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Car crash: Far Cry 3 and the dedication to oddity

Thursday, 10th January 2013 12:36 GMT By Patrick Garratt

Artistic success may require multiple products and bravery from both publisher and creative, says Patrick Garratt, with Far Cry 3 proving how valuable risk-taking can be.

Commitment to unconscious, blind creativity is essential to any medium. Certain game publishers should take note.

JG Ballard’s The Atrocity Exhibition is an odd book, more idea-evolution than story. Its concepts – industrialised celebrity, the mechanisation of humanity and a resultant “new sexuality” in symphorophilia – would form the basis of Crash, Ballard’s next release and a stand-out novel.

A bizarre ramble through Ballard’s shock at the death of his wife in the late 60s, The Atrocity Exhibition is a seminal piece of surrealism that would probably get no further than an agent’s slush pile today. It is, in truth, a beautiful thing, but it caused a great deal of controversy and confusion at the time. Crash, Ballard’s most successful work in the early part of his career, could never have existed without it.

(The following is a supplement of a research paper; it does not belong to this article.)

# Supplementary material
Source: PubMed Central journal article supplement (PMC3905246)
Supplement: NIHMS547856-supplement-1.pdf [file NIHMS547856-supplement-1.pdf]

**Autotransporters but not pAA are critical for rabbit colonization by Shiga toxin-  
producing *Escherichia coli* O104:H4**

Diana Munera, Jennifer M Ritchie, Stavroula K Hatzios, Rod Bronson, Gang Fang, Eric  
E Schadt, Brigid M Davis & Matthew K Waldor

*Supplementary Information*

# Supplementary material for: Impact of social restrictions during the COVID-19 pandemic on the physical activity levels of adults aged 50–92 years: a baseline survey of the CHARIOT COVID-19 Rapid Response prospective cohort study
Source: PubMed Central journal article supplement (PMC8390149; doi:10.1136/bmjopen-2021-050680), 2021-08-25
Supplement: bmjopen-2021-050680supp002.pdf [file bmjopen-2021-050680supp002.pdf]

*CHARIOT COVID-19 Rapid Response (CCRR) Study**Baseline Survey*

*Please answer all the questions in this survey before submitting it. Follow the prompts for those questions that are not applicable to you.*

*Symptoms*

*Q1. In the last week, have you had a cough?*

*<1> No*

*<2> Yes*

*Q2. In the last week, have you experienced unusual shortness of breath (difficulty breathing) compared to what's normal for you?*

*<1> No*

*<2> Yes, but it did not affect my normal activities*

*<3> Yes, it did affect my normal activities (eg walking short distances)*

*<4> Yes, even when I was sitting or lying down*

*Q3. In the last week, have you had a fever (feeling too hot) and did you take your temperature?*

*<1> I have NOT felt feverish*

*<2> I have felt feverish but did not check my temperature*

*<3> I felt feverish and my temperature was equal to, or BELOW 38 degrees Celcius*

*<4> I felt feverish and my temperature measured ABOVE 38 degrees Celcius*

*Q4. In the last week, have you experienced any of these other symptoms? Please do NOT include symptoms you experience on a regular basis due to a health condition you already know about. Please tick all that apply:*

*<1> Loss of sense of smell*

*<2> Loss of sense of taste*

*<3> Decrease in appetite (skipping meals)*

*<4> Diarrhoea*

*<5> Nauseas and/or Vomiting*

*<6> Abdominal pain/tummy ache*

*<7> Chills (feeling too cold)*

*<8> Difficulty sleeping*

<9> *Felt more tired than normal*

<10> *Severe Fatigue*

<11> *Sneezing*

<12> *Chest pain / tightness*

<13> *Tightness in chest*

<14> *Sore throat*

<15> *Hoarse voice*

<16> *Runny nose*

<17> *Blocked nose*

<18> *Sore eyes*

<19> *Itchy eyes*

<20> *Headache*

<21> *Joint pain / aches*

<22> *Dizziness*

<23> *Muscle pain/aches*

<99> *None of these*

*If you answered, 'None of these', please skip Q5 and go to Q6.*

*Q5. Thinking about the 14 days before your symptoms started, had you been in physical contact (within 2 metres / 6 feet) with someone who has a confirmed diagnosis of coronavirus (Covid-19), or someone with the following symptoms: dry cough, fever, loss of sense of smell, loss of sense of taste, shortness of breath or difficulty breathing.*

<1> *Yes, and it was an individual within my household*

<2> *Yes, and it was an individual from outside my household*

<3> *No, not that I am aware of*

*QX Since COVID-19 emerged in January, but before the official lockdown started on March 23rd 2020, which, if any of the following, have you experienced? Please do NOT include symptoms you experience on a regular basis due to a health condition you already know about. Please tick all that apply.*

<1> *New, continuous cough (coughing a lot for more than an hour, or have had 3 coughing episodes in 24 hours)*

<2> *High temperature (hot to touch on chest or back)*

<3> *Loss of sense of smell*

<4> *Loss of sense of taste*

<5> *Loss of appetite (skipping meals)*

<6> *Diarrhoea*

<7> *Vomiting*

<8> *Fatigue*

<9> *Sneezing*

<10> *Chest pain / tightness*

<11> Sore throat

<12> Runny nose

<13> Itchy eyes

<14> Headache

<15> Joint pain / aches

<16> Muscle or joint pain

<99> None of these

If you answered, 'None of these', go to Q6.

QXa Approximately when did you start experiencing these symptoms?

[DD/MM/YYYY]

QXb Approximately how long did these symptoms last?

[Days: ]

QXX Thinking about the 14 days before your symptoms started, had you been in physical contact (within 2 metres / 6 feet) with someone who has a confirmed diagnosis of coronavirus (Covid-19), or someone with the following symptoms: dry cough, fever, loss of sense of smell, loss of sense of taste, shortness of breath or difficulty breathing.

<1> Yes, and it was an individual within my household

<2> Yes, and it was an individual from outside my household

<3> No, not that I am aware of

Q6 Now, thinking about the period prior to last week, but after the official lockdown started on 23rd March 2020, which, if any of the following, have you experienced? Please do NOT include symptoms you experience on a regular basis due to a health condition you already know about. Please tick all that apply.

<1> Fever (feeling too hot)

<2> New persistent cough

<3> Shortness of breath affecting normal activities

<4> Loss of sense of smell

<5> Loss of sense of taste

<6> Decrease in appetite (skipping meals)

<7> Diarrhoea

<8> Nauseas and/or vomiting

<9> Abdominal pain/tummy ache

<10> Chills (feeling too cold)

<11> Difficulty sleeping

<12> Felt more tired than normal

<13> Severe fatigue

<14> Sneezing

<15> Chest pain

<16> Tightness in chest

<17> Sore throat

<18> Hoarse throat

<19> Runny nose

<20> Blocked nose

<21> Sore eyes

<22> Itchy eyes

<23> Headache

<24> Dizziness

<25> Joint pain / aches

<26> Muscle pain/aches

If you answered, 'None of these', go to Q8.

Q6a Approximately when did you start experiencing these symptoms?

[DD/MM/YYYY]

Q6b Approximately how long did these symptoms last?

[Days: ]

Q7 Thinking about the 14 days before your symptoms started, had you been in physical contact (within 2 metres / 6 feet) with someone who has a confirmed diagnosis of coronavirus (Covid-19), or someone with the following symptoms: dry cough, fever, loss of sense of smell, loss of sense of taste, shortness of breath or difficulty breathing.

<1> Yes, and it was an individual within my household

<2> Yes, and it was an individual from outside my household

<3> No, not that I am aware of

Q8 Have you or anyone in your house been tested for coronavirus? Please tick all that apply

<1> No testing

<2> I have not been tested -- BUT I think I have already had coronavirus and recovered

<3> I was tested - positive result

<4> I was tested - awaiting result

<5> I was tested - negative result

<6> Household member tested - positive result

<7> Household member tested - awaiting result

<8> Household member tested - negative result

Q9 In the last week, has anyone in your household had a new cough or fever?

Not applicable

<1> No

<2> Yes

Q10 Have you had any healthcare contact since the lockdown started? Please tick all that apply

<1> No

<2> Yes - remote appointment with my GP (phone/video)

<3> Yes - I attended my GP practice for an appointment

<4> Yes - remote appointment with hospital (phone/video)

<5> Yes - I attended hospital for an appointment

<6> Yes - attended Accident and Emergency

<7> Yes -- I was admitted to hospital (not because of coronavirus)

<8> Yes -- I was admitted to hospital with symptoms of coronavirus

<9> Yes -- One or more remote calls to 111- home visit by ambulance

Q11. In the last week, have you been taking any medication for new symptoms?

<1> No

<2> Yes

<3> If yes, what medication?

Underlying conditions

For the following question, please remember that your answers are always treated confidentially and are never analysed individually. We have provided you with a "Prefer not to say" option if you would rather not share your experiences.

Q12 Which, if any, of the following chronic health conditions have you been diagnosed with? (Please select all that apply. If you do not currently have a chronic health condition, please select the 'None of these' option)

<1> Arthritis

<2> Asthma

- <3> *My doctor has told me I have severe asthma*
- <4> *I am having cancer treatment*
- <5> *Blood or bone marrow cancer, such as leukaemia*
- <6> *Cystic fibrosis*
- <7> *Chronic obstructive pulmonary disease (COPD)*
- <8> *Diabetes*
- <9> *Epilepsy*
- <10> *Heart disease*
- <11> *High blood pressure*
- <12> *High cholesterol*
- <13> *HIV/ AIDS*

Ballard later described his decision to write Crash based on the themes gestated in the previous book as a mad one. One editor famously noted on a draft copy, “This author is beyond psychiatric help. Do not publish!” No one else involved listened to reason, thankfully, and Ballard was able to complete the process of pouring a liquid jelly of disparate ideas into the mould of a traditional novel. The result was a unique, disturbing triumph.

Artistic releases may fail in relative commercial terms, but, as strange as they sometimes are, it’s critical to remember they may not be a final destination. Nowhere is this truer than in the games industry, where horribly expensive franchises can require many years and several games to come of age. It can take braveness and patience, both from creator and publisher, to continue to invest in a concept which is nebulous but exploding with ideas.